The rail industry has reacted to the government’s announcement of an end to rail franchising in a major shake-up for the rail network.
A series of Emergency Recovery Management Agreements are replacing the current model, focusing on high performance targets, simplifying journeys and address the continuing impact of the pandemic on the railway.
Transport Secretary Grant Shapps says the “simpler, more effective structure” will take shape over the coming months, marking the end of rail franchising after 24 years.
Rail industry reaction
Paul Plummer, Chief Executive of the Rail Delivery Group, said: “We welcome the ongoing support to keep trains running for passengers and the government’s confirmation of an end to the franchise system, which we have long been calling for.
“These transitional contracts should be a stepping-stone to a better railway. This needs to harness the experience, innovation and investment private sector operators bring, with local train companies taking the decisions that affect their passengers. It should be overseen by a new guiding mind for the whole industry and underpinned by a simpler to use fares system.
“A renewed and reinvigorated partnership between the public and private sectors will be the best way to improve services and help regrow the market for train travel which is good for economic recovery and the public finances. Combined with the measures the industry is taking to keep trains clean, this announcement means people can continue to travel with confidence.”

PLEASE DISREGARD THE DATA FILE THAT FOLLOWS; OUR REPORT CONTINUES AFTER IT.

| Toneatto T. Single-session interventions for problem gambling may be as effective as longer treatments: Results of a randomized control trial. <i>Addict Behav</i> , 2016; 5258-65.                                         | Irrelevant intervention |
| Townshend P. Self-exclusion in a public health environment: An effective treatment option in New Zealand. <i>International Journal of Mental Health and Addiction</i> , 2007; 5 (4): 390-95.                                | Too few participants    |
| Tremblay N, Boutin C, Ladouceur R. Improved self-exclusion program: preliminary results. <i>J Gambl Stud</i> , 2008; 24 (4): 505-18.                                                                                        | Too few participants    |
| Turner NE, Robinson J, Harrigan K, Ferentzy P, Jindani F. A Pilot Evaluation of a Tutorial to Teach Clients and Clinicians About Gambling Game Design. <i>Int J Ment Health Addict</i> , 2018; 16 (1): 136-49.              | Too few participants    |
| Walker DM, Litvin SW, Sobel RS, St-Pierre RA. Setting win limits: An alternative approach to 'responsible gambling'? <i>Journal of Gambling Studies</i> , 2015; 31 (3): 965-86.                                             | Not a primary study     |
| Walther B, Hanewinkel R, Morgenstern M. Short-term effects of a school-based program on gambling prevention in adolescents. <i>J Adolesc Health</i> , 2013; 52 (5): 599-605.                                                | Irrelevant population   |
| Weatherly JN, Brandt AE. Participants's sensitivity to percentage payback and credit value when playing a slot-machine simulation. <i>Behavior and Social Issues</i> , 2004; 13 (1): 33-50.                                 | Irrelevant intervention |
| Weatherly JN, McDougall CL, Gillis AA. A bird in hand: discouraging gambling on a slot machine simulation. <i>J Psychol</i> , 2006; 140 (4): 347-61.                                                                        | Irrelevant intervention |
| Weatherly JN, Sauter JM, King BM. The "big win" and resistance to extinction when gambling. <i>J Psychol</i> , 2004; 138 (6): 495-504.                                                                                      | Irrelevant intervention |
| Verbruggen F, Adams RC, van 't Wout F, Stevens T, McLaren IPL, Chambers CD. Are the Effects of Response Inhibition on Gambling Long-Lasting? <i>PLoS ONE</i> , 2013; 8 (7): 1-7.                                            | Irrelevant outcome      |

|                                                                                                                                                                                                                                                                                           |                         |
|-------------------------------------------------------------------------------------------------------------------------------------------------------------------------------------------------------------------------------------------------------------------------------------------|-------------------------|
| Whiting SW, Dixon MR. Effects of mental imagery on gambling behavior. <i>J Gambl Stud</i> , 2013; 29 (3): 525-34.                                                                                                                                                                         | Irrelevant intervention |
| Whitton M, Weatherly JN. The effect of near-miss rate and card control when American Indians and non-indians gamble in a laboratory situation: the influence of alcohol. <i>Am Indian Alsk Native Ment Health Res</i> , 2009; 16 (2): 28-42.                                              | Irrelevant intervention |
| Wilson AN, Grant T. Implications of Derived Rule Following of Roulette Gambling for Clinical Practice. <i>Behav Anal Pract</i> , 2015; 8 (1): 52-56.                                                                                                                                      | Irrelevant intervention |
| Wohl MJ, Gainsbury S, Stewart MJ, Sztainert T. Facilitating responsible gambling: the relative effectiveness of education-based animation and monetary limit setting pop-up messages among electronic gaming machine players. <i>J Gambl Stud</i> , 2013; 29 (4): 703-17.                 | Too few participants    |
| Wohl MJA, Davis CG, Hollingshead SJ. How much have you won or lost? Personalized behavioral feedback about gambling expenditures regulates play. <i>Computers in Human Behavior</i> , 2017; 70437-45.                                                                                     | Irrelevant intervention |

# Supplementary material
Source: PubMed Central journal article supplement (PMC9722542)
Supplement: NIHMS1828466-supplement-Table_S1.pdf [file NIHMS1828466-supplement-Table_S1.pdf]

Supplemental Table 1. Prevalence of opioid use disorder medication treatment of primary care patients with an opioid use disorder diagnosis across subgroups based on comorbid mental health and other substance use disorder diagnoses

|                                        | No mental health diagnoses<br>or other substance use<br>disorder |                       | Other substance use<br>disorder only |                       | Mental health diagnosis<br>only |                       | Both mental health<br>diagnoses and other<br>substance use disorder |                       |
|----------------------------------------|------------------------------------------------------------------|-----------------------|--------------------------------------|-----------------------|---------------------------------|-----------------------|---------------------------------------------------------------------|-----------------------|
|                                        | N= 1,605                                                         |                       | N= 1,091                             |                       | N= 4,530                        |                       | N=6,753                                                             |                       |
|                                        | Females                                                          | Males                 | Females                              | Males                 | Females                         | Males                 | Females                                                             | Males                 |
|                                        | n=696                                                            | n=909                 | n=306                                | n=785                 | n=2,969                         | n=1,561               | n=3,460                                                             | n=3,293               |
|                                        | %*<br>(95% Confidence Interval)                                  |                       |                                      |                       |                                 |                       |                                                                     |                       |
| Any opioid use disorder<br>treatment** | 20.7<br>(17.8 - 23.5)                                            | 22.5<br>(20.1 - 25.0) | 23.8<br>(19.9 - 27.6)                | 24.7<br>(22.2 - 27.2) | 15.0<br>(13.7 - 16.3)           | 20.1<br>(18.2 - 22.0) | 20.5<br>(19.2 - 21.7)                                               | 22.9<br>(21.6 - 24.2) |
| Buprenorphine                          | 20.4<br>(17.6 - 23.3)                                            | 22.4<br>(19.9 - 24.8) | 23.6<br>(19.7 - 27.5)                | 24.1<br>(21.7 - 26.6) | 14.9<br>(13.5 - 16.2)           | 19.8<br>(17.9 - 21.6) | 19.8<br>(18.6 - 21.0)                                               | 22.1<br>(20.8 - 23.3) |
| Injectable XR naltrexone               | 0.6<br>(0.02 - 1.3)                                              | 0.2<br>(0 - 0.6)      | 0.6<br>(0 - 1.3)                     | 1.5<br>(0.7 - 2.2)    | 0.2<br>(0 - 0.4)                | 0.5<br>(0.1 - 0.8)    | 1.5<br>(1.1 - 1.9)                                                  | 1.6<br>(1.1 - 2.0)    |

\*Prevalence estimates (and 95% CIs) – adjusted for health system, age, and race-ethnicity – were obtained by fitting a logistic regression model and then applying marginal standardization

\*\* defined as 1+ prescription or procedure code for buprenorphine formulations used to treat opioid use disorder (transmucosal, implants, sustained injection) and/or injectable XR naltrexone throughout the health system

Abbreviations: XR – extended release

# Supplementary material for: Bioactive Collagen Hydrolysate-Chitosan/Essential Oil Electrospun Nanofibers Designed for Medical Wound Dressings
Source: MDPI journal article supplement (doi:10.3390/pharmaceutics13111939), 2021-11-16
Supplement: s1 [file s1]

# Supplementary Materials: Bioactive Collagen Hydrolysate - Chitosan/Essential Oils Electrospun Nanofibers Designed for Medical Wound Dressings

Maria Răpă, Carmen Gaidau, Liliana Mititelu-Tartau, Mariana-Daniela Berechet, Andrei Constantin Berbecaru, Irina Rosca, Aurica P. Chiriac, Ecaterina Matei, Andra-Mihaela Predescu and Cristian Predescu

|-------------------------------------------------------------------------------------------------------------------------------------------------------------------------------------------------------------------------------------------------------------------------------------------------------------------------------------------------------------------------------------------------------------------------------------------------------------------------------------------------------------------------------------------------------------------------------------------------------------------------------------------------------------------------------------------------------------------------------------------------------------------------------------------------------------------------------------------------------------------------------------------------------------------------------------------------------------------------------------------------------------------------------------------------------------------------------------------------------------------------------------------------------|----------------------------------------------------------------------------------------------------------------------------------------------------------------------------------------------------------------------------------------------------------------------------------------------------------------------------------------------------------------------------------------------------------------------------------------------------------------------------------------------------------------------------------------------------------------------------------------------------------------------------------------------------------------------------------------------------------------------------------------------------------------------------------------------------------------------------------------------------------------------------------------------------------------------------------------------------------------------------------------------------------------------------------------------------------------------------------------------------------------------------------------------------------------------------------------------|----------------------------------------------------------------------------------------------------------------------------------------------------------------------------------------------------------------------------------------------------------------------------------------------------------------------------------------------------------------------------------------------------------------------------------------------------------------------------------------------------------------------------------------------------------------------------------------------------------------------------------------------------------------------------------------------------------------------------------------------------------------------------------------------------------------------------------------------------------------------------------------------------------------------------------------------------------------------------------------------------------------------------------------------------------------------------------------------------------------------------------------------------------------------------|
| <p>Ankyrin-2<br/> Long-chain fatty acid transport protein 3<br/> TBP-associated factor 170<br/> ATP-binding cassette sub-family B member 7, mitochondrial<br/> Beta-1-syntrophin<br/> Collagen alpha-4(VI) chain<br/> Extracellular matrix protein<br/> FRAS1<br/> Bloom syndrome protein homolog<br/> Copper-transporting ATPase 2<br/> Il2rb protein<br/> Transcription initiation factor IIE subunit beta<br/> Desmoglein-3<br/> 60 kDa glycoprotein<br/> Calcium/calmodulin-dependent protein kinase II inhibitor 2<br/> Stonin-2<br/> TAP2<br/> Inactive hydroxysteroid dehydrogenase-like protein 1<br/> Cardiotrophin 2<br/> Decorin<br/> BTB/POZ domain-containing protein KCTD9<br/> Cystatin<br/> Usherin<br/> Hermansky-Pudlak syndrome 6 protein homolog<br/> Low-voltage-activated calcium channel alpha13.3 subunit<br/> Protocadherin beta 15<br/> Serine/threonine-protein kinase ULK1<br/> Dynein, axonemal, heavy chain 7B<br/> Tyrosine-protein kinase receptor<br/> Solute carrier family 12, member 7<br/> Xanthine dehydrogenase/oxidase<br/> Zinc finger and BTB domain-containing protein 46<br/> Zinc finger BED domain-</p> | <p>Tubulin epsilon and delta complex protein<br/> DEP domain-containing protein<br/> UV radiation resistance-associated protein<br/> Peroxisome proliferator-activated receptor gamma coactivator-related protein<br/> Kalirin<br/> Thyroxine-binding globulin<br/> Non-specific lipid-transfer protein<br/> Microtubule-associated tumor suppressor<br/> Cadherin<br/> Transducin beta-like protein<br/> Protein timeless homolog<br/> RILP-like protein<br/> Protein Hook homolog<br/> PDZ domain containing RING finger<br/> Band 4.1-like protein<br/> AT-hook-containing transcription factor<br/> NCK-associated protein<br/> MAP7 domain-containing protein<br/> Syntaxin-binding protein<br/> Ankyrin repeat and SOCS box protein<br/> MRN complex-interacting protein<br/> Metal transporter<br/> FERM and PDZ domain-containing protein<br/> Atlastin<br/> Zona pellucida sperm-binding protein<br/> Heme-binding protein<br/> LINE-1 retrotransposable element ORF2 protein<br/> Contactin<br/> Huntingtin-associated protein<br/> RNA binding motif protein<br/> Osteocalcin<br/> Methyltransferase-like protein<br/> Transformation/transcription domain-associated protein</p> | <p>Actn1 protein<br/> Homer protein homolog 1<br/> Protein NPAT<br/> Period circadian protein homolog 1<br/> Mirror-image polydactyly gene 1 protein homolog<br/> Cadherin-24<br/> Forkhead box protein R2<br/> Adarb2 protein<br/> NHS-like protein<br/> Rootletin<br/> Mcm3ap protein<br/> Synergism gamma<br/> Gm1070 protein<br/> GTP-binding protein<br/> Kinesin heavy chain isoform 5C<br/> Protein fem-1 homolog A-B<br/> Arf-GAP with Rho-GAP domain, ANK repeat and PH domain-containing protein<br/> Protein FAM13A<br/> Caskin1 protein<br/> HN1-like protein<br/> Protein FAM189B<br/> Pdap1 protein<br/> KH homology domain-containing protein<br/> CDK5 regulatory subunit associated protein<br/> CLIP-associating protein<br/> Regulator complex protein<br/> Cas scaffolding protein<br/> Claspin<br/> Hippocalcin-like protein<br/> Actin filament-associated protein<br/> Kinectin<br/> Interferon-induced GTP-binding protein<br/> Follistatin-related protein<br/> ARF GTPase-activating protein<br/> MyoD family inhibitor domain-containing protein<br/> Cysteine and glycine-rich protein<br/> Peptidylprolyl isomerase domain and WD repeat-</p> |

Transport Focus chief executive Anthony Smith said: “Passengers will be reassured to hear that there is an agreement to keep the trains running for the foreseeable future. A stable, reliable railway is key to getting Britain moving again and helping rebuild the economy. The industry must continue to focus on maintaining rigorous cleaning regimes and good performance so that existing and returning passengers can travel with confidence.